3. Mistrusted systems become a foundation of trust: Mistrust in government is its own important, wicked problem, all around the world. Mistrust is practically a self-propelling industry, not only in conventional media but especially with social media. This mistrust is dangerous because it undermines initiatives that require the people’s cooperation. In the 2020 census, for example, the Census Bureau faced persistent rumors that it was sharing citizenship data with law enforcement agencies to catch undocumented workers. The bureau countered this false meme by battling mistrust street by street. Its employees reached out to church leaders, community organizations and ultimately to individuals to fight back against misinformation.

Houston built trust in its system by sweeping away the broad debates about government and focusing instead on what we call “retail trust” — making people’s day-to-day interactions with government an effort to find solutions to the problems they shared. Part of Houston’s success in reducing homelessness came in weaving the different players together. But a big part also came in making the system super customer-focused, with a keen eye to serving the needs of those who needed to be served.

4. Data hoarding becomes an information bridge: Back in the days of low interest rates, when tech startups with no income could use their massive troves of user data to convince investors to fund their operations, data became a valuable and jealously hoarded asset. Too often, however, hackers had an easier time accessing the data than an organization’s partners.

Data is powerful. Analytical tools can sort data for valuable insights, as chatbots and other generative AI programs illustrate. Real-time dashboards can help users see what's working and coordinate who should take responsibility for remaining tasks. It’s more a language than a measure, but too often creating data systems in local governments is building a Tower of Babel.

Houston’s coalition used its management information system as both a shared language of communication and as a bridge among the organizations. It tracked individuals as they moved through the system, and it tracked the effectiveness of individual organizations in helping people make those steps. This matrix provided the structure on which the coalition depended.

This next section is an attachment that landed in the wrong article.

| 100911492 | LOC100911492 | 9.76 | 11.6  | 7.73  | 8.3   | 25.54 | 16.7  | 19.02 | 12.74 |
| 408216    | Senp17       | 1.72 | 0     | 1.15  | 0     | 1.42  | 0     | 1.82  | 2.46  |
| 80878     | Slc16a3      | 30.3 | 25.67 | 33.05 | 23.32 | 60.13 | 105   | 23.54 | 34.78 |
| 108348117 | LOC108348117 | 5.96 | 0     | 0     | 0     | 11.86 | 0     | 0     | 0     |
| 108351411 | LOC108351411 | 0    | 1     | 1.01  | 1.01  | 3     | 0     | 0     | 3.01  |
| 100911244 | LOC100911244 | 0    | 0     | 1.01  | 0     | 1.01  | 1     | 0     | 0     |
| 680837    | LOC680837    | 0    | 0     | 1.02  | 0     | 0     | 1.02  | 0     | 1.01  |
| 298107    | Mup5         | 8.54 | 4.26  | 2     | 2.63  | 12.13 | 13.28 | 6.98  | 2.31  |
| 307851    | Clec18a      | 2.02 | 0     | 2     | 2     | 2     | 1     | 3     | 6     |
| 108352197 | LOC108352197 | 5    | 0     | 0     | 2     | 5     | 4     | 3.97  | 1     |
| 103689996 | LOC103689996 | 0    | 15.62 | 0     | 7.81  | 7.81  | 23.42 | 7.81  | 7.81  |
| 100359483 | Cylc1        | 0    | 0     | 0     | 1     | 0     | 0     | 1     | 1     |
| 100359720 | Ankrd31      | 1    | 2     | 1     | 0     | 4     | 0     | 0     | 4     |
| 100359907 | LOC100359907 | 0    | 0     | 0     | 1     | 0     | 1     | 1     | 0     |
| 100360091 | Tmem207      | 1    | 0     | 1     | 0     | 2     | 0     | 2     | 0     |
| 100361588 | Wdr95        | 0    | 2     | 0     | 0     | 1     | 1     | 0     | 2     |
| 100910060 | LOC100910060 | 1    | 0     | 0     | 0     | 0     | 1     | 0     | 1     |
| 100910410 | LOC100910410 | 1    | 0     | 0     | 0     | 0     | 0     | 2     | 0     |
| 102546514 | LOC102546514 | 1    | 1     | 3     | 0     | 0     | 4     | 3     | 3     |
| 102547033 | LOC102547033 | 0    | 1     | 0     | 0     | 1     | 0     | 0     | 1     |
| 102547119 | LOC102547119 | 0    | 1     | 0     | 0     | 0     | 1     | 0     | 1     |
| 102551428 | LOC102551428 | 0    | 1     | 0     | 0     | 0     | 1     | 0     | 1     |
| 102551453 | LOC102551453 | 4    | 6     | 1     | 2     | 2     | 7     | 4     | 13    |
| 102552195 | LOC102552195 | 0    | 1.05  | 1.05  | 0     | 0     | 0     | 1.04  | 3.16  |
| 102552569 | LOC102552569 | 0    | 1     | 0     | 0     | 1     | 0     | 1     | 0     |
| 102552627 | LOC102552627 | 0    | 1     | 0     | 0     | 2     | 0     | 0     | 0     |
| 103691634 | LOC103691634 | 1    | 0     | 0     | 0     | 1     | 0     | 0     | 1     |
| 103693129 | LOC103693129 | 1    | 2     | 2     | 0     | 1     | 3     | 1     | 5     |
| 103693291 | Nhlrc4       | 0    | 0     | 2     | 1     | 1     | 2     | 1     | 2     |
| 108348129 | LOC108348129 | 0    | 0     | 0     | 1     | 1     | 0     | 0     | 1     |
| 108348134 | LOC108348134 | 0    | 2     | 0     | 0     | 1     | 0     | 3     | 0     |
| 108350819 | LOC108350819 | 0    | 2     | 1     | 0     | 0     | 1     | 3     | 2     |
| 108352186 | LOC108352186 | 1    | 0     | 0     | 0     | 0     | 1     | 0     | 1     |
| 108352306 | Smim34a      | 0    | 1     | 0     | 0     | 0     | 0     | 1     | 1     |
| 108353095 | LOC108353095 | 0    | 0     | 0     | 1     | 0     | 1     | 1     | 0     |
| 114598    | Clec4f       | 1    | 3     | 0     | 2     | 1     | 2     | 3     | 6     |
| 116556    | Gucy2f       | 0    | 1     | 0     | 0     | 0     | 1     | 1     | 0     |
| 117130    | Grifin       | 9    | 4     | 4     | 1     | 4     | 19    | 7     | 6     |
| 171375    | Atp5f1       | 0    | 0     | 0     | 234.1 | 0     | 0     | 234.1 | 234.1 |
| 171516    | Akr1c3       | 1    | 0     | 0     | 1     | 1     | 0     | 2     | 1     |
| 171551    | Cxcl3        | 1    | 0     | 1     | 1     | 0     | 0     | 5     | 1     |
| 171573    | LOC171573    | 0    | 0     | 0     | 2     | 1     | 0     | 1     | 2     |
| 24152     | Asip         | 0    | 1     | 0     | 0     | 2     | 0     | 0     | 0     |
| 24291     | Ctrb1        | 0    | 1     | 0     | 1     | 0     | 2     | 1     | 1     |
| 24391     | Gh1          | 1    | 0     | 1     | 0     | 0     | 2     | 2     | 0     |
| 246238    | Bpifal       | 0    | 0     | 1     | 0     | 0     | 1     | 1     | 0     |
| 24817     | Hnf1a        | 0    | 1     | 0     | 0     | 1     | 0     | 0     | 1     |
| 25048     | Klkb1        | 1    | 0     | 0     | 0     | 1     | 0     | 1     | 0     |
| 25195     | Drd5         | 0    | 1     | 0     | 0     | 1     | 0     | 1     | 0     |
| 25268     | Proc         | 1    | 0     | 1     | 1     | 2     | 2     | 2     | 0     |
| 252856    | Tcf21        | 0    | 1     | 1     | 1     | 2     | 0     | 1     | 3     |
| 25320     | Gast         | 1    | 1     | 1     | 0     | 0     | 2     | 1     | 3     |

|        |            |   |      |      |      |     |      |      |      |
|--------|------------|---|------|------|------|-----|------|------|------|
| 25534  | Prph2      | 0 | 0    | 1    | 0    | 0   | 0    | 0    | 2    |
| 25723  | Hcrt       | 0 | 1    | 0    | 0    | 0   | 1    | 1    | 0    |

5. Siloed budgeting becomes fuel for collaboration: The vertical silos in which many government programs operate are often the product of narrowly focused funding and rules that come along with the money. Lining up the flow of funds to match the emerging realities of collaborative governance — an “ecosystems approach” — can set innovation loose, multiplying the effect of each dollar spent.

In many communities, there is a tug of war among local agencies for federal cash. In Houston, the money tracked with the people and flowed through the system in ways designed to improve the system’s results. In other words, money followed mission.

All of these steps have two things in common: They flip the conventional orthodoxies within which many government programs have historically worked, and they rely on bridge builders to create the links among the players seeking to accomplish shared goals. That’s the key to solving government’s wicked problems and, in fact, to making all of government serve the public more effectively.

And there’s a third conclusion these steps suggest: This bridge building is a strategy that all governments can use, if they’re willing to turn their traditional systems on their heads.

William D. Eggers and Donald F. Kettl are the authors of the new book Bridgebuilders: How Government Can Transcend Boundaries to Solve Big Problems, from which this is adapted.

Governing's opinion columns reflect the views of their authors and not necessarily those of Governing's editors or management.
Executive director of the Deloitte Center for Government Insights.
Donald F. Kettl is professor emeritus and former dean of the University of Maryland School of Public Policy. He is the co-author with William D. Eggers of <i><a href=";qid=&amp;sr=">Bridgebuilders: How Government Can Transcend Boundaries to Solve Big Problems</a>.</i>